How Does a Man Become a Cow in The Salesman and My Cousin Rachel?

“How does a man become a cow?” a student asks in reference to a realistic story with one, odd, fanciful element being analyzed in class.

“Gradually,” Emad, the teacher (Shahab Hosseini) responds in a prescient scene in the beautifully layered, rightfully Oscar-winning Iranian domestic melodrama, The Salesman.

The better animal choice might be a pig…but the answer, crypto-Feminist writer-director Asghar Farhadi implies, is the same.

(SPOILERS AHEAD – READ WITH CAUTION)

No man is born a disgusting, sexist pig. You become one…gradually, based on the choices a misogynistic society forces you to make. When you live in a religiously repressed and politically oppressed society that systematically puts value on their women based on what their men do (or don’t do) to them, and in turn puts value on the men based on the value put upon their women, men will often too easily devolve into metaphorical pigs obsessed with shame, dishonor and possessions…even unwittingly sometimes.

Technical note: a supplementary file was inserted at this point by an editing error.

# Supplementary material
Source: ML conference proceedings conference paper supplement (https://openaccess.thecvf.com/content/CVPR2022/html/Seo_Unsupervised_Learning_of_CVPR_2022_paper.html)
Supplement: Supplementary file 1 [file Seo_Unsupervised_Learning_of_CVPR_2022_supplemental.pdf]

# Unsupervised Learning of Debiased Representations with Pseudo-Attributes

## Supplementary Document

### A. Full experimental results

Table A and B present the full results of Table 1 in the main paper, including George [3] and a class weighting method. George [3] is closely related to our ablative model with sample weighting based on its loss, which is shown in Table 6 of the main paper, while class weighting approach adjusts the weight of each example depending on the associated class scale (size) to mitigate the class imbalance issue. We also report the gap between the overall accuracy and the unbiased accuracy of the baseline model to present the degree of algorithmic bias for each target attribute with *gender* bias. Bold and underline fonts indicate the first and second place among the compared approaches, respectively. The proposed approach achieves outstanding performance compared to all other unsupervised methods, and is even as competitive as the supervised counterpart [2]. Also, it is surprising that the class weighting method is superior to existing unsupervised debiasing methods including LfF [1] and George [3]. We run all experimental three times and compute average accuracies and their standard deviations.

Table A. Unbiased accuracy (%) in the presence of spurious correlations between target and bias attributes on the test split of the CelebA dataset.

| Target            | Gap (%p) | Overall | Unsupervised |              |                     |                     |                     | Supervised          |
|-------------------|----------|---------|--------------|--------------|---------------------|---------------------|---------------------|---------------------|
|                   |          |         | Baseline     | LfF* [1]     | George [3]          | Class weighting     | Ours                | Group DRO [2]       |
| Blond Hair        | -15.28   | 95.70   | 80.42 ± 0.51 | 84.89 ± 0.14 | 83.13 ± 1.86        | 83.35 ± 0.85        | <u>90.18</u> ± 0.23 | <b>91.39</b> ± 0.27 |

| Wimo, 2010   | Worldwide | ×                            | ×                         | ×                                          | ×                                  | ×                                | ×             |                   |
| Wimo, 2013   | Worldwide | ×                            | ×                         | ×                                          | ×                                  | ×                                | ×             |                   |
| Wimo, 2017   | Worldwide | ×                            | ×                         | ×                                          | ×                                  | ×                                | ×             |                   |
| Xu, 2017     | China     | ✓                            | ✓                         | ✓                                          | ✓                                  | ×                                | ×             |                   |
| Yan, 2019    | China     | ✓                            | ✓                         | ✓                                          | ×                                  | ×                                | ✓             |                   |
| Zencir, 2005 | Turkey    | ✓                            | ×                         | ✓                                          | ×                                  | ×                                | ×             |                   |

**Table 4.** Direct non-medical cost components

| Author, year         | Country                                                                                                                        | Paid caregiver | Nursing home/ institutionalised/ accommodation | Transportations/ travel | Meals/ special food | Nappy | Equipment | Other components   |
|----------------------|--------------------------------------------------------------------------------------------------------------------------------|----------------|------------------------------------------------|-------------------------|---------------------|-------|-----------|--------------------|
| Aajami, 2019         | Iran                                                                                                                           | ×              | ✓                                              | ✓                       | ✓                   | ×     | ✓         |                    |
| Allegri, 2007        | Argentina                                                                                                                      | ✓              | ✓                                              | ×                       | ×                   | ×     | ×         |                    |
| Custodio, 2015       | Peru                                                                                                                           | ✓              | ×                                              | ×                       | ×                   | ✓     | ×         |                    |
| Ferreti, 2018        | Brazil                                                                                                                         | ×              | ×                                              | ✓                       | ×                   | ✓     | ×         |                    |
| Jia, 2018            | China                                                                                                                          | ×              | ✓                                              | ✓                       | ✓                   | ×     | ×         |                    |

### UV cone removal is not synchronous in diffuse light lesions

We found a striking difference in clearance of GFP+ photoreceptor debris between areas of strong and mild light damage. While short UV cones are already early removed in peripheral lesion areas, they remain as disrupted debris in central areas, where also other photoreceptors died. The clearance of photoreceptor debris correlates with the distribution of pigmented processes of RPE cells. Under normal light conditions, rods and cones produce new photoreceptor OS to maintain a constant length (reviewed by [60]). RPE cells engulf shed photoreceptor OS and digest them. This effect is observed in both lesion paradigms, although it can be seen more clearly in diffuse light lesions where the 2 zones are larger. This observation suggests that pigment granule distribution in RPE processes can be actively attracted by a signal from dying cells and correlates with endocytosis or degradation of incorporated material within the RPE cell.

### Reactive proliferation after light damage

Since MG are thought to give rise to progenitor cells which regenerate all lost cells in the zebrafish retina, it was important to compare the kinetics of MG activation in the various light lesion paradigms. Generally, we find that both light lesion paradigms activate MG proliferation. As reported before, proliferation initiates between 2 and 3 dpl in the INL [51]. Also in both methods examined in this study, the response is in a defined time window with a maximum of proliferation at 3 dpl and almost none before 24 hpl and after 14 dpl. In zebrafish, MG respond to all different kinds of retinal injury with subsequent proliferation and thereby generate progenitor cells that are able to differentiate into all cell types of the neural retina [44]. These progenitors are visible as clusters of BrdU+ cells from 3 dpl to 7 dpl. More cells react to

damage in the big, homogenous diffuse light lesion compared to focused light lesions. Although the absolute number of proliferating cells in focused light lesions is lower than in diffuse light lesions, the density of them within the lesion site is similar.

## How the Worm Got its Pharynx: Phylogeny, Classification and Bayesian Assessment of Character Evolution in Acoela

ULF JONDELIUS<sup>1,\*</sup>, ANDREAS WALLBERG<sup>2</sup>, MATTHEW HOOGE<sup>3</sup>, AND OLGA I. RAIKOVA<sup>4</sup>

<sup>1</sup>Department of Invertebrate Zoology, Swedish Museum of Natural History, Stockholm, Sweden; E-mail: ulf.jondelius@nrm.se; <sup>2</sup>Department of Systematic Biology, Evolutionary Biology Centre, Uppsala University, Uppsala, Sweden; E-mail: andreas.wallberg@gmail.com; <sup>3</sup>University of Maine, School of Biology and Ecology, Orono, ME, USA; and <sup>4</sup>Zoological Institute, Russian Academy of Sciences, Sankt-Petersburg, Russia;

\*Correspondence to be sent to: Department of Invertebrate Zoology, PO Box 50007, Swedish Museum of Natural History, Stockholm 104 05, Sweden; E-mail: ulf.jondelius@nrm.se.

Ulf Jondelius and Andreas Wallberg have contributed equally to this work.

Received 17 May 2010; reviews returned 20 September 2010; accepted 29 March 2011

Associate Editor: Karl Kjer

Take for instance Emad, the teacher who brings to his students eye-opening Western literature and moonlights (along with his loving, lovely wife, Rana, played by the powerfully emotive About Elly alum Taraneh Alidoosti) as an actor, currently putting on a production of Arthur Miller’s “Death of a Salesman” where he is Willy Loman and Rana is Linda Loman. The play, by the way, is being threatened with censorship by the government. I loved how this threat of censorship is presented as a throwaway line, a common, all-too-everyday annoyance in Iranian middle-class society (and don’t think this couldn’t happen here…or anywhere, with the right strongman in place). This couple seems like a liberal bastion in a repressive society, self-aware and quietly trying to bring about enlightenment through education and the arts.

But the world they live in wants to turn women into objects and men into pigs. Continue reading